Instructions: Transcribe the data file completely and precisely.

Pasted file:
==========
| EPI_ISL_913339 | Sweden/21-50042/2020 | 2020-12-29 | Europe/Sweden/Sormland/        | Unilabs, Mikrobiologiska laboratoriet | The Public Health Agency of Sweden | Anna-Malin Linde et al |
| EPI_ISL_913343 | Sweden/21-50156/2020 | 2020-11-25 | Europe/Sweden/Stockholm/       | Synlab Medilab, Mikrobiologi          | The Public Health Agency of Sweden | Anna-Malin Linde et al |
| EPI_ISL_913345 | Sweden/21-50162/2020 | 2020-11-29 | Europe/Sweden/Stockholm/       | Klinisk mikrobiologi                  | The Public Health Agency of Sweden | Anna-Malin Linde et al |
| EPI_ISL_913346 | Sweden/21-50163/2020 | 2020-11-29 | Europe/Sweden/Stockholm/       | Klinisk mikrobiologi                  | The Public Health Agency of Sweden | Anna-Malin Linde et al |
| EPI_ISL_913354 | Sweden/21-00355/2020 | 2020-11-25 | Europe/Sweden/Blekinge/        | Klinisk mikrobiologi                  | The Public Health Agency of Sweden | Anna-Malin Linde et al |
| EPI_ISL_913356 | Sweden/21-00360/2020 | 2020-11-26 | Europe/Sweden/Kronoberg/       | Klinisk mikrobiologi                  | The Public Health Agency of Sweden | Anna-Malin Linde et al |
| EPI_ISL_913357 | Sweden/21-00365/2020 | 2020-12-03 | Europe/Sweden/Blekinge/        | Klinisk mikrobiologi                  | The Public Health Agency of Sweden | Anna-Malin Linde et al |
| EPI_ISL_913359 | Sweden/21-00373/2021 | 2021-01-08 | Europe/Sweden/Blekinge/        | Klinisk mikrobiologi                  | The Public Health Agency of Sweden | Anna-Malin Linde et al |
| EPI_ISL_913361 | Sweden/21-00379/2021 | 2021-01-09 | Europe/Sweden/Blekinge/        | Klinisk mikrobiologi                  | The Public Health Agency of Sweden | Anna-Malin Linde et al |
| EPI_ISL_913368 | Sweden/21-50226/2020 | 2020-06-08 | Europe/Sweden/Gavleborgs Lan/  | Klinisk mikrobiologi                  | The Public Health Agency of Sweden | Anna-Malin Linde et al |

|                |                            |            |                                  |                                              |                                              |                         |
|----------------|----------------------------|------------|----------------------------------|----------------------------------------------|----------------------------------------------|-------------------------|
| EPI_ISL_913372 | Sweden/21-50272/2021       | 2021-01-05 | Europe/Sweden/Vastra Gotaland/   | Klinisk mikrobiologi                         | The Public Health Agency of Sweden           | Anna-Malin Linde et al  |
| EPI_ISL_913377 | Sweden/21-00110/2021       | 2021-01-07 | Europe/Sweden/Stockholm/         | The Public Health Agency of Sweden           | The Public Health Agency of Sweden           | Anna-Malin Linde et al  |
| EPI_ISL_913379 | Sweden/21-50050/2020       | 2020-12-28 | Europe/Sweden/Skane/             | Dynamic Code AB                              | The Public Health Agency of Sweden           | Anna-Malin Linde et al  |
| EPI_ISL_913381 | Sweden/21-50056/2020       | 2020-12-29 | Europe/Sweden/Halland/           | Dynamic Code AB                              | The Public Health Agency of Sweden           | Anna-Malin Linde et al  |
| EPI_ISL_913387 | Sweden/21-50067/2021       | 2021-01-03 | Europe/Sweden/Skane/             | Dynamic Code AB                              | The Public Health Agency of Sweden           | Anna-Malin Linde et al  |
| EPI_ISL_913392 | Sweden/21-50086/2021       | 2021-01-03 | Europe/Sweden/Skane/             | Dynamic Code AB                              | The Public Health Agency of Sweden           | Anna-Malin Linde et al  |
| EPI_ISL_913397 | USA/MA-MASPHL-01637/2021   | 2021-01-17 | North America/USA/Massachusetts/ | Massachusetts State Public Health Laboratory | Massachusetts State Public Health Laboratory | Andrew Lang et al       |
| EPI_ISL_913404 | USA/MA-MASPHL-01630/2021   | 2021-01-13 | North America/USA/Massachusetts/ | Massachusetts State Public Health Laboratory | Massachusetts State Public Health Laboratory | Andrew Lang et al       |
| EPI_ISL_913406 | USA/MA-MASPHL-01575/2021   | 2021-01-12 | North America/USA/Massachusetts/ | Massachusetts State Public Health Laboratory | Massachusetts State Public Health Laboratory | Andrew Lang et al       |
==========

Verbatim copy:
| EPI_ISL_913339 | Sweden/21-50042/2020 | 2020-12-29 | Europe/Sweden/Sormland/        | Unilabs, Mikrobiologiska laboratoriet | The Public Health Agency of Sweden | Anna-Malin Linde et al |
| EPI_ISL_913343 | Sweden/21-50156/2020 | 2020-11-25 | Europe/Sweden/Stockholm/       | Synlab Medilab, Mikrobiologi          | The Public Health Agency of Sweden | Anna-Malin Linde et al |
| EPI_ISL_913345 | Sweden/21-50162/2020 | 2020-11-29 | Europe/Sweden/Stockholm/       | Klinisk mikrobiologi                  | The Public Health Agency of Sweden | Anna-Malin Linde et al |
| EPI_ISL_913346 | Sweden/21-50163/2020 | 2020-11-29 | Europe/Sweden/Stockholm/       | Klinisk mikrobiologi                  | The Public Health Agency of Sweden | Anna-Malin Linde et al |
| EPI_ISL_913354 | Sweden/21-00355/2020 | 2020-11-25 | Europe/Sweden/Blekinge/        | Klinisk mikrobiologi                  | The Public Health Agency of Sweden | Anna-Malin Linde et al |
| EPI_ISL_913356 | Sweden/21-00360/2020 | 2020-11-26 | Europe/Sweden/Kronoberg/       | Klinisk mikrobiologi                  | The Public Health Agency of Sweden | Anna-Malin Linde et al |
| EPI_ISL_913357 | Sweden/21-00365/2020 | 2020-12-03 | Europe/Sweden/Blekinge/        | Klinisk mikrobiologi                  | The Public Health Agency of Sweden | Anna-Malin Linde et al |
| EPI_ISL_913359 | Sweden/21-00373/2021 | 2021-01-08 | Europe/Sweden/Blekinge/        | Klinisk mikrobiologi                  | The Public Health Agency of Sweden | Anna-Malin Linde et al |
| EPI_ISL_913361 | Sweden/21-00379/2021 | 2021-01-09 | Europe/Sweden/Blekinge/        | Klinisk mikrobiologi                  | The Public Health Agency of Sweden | Anna-Malin Linde et al |
| EPI_ISL_913368 | Sweden/21-50226/2020 | 2020-06-08 | Europe/Sweden/Gavleborgs Lan/  | Klinisk mikrobiologi                  | The Public Health Agency of Sweden | Anna-Malin Linde et al |

|                |                            |            |                                  |                                              |                                              |                         |
|----------------|----------------------------|------------|----------------------------------|----------------------------------------------|----------------------------------------------|-------------------------|
| EPI_ISL_913372 | Sweden/21-50272/2021       | 2021-01-05 | Europe/Sweden/Vastra Gotaland/   | Klinisk mikrobiologi                         | The Public Health Agency of Sweden           | Anna-Malin Linde et al  |
| EPI_ISL_913377 | Sweden/21-00110/2021       | 2021-01-07 | Europe/Sweden/Stockholm/         | The Public Health Agency of Sweden           | The Public Health Agency of Sweden           | Anna-Malin Linde et al  |
| EPI_ISL_913379 | Sweden/21-50050/2020       | 2020-12-28 | Europe/Sweden/Skane/             | Dynamic Code AB                              | The Public Health Agency of Sweden           | Anna-Malin Linde et al  |
| EPI_ISL_913381 | Sweden/21-50056/2020       | 2020-12-29 | Europe/Sweden/Halland/           | Dynamic Code AB                              | The Public Health Agency of Sweden           | Anna-Malin Linde et al  |
| EPI_ISL_913387 | Sweden/21-50067/2021       | 2021-01-03 | Europe/Sweden/Skane/             | Dynamic Code AB                              | The Public Health Agency of Sweden           | Anna-Malin Linde et al  |
| EPI_ISL_913392 | Sweden/21-50086/2021       | 2021-01-03 | Europe/Sweden/Skane/             | Dynamic Code AB                              | The Public Health Agency of Sweden           | Anna-Malin Linde et al  |
| EPI_ISL_913397 | USA/MA-MASPHL-01637/2021   | 2021-01-17 | North America/USA/Massachusetts/ | Massachusetts State Public Health Laboratory | Massachusetts State Public Health Laboratory | Andrew Lang et al       |
| EPI_ISL_913404 | USA/MA-MASPHL-01630/2021   | 2021-01-13 | North America/USA/Massachusetts/ | Massachusetts State Public Health Laboratory | Massachusetts State Public Health Laboratory | Andrew Lang et al       |
| EPI_ISL_913406 | USA/MA-MASPHL-01575/2021   | 2021-01-12 | North America/USA/Massachusetts/ | Massachusetts State Public Health Laboratory | Massachusetts State Public Health Laboratory | Andrew Lang et al       |